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In many ways, Dallas Buyers Club feels like a period piece. You’ve got the seventies outfits and hairstyles, the classic microfiche research scene, the vintage newspaper headlines, the boxy Cadillacs, and, of course, the early days of the AIDS virus.

For all those reasons, it is a film worth seeing. It is a documentary of an important time in American social and medical history, and it paints an incredible portrait of the impact one man had, not only on the way institutions responded to the virus, but also on the way people did. The film does an amazing job of balancing both the broad strokes of the virus’s impact, but also the intimate personal ones, as well.

All that acknowledged, there is another element of the film that feels eerily prescient and relevant to us, today, in 2013.

Ron and Rayon, two of the primary characters in the film, and two people battling with the AIDS virus, go to the grocery store.

(I’m not giving away any spoilers here, but for those who are not familiar with the plot, Ron and Rayon actively fight with the FDA throughout the film to maintain access to non-FDA approved drugs. The FDA will only approve AZT, which trials have documented could have toxic effects on many AIDS patients.)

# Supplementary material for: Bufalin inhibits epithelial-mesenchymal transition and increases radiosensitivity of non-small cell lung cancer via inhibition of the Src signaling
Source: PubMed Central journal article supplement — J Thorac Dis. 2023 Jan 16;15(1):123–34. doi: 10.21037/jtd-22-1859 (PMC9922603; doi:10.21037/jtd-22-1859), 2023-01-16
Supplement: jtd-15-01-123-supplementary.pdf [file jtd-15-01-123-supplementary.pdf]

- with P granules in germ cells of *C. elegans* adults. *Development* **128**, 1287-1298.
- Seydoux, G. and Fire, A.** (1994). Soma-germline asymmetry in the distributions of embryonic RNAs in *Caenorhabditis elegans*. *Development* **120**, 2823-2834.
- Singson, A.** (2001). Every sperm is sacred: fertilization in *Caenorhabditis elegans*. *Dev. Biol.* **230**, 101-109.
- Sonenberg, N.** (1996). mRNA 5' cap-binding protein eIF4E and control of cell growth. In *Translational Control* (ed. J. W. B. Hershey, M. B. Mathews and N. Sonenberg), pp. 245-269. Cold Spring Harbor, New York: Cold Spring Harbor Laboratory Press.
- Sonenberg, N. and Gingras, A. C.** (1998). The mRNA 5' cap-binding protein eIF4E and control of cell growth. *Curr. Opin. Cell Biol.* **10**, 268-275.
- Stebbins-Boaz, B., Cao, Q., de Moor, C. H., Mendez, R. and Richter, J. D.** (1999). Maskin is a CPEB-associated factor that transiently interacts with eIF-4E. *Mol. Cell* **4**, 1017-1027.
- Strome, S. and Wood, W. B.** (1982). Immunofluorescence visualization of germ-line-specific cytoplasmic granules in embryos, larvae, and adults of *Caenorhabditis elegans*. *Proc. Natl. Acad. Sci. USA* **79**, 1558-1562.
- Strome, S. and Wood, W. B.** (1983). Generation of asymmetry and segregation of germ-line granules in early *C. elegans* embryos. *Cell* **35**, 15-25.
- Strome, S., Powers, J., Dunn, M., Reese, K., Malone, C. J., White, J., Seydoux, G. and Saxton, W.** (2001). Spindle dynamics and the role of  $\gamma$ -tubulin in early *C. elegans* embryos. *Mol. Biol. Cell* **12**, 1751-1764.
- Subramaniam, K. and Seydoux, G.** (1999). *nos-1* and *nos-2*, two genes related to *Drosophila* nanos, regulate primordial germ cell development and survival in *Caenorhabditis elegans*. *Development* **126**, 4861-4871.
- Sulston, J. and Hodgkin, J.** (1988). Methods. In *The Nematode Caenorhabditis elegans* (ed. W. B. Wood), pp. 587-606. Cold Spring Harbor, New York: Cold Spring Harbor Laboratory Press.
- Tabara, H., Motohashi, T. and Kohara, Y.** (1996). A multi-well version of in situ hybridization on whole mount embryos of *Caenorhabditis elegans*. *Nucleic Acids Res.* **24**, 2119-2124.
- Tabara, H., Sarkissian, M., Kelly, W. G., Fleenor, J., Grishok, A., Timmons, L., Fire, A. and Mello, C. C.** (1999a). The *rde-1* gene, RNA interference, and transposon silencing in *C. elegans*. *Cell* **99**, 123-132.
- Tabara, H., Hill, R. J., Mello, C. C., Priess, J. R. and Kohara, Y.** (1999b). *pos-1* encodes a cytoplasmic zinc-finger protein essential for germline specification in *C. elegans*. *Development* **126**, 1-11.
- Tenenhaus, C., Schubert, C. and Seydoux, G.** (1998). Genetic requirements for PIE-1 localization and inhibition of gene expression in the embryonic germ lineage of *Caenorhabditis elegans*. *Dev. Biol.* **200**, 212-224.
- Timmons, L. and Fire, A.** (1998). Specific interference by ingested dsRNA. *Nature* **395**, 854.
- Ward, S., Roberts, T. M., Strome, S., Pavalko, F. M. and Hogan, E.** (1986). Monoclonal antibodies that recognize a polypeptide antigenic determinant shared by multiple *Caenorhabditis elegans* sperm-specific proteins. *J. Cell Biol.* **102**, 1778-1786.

Rayon wants to buy some processed meat. Ron makes her put it back, saying that the meat is processed and full of toxins. Rayon then tries to buy potato chips, but Ron makes her return those, as well.

Forgive me for not remembering the exact line, but it’s something like: “All that food is FDA-approved, with all its toxins included, and we can’t get our medicine.”

There’s another scene, where Ron barges into a presentation by the FDA and the Center for Disease Control and several of the big pharmaceutical companies. He explains to the audience how drug approval works, and how if you want to get a drug approved, you’ve simply got to have the big pharma bucks in order to do it. Of course, he gets thrown out.

And all I could think about, in addition to what an amazing acting performance Matthew McConaughey was delivering, was how some things never change.

I won’t eat half the food sold at my local grocery store. You don’t have to dig deep into the Internet to find out which ingredients are proven to cause cancer. Ingredients found in everyday food and everyday beauty products. You certainly don’t have to dig deep to find out about Monsanto. Or even to find which foods Americans eat that the rest of the world won’t.

As a judge proclaims near the end of the movie, the FDA is supposed to be helping us, protecting us.

The most poignant element of this film is the story of these men fighting to stay alive, fighting to get hold of drugs that will prolong their lives, even ever-so-slightly, and the stubborn FDA literally snatching these drugs out of their hands.

The judge goes on to say that a terminally ill man should be allowed to put whatever he wants into his body, if he thinks it will keep him alive — and what a shame that the government is doing everything it can to prevent that.

At one point, someone, somewhere, thought the FDA was going to be on our side. It was going to promote safety and health standards, and as far as I know, that is what it still says it does.

So when did things go so terribly wrong?

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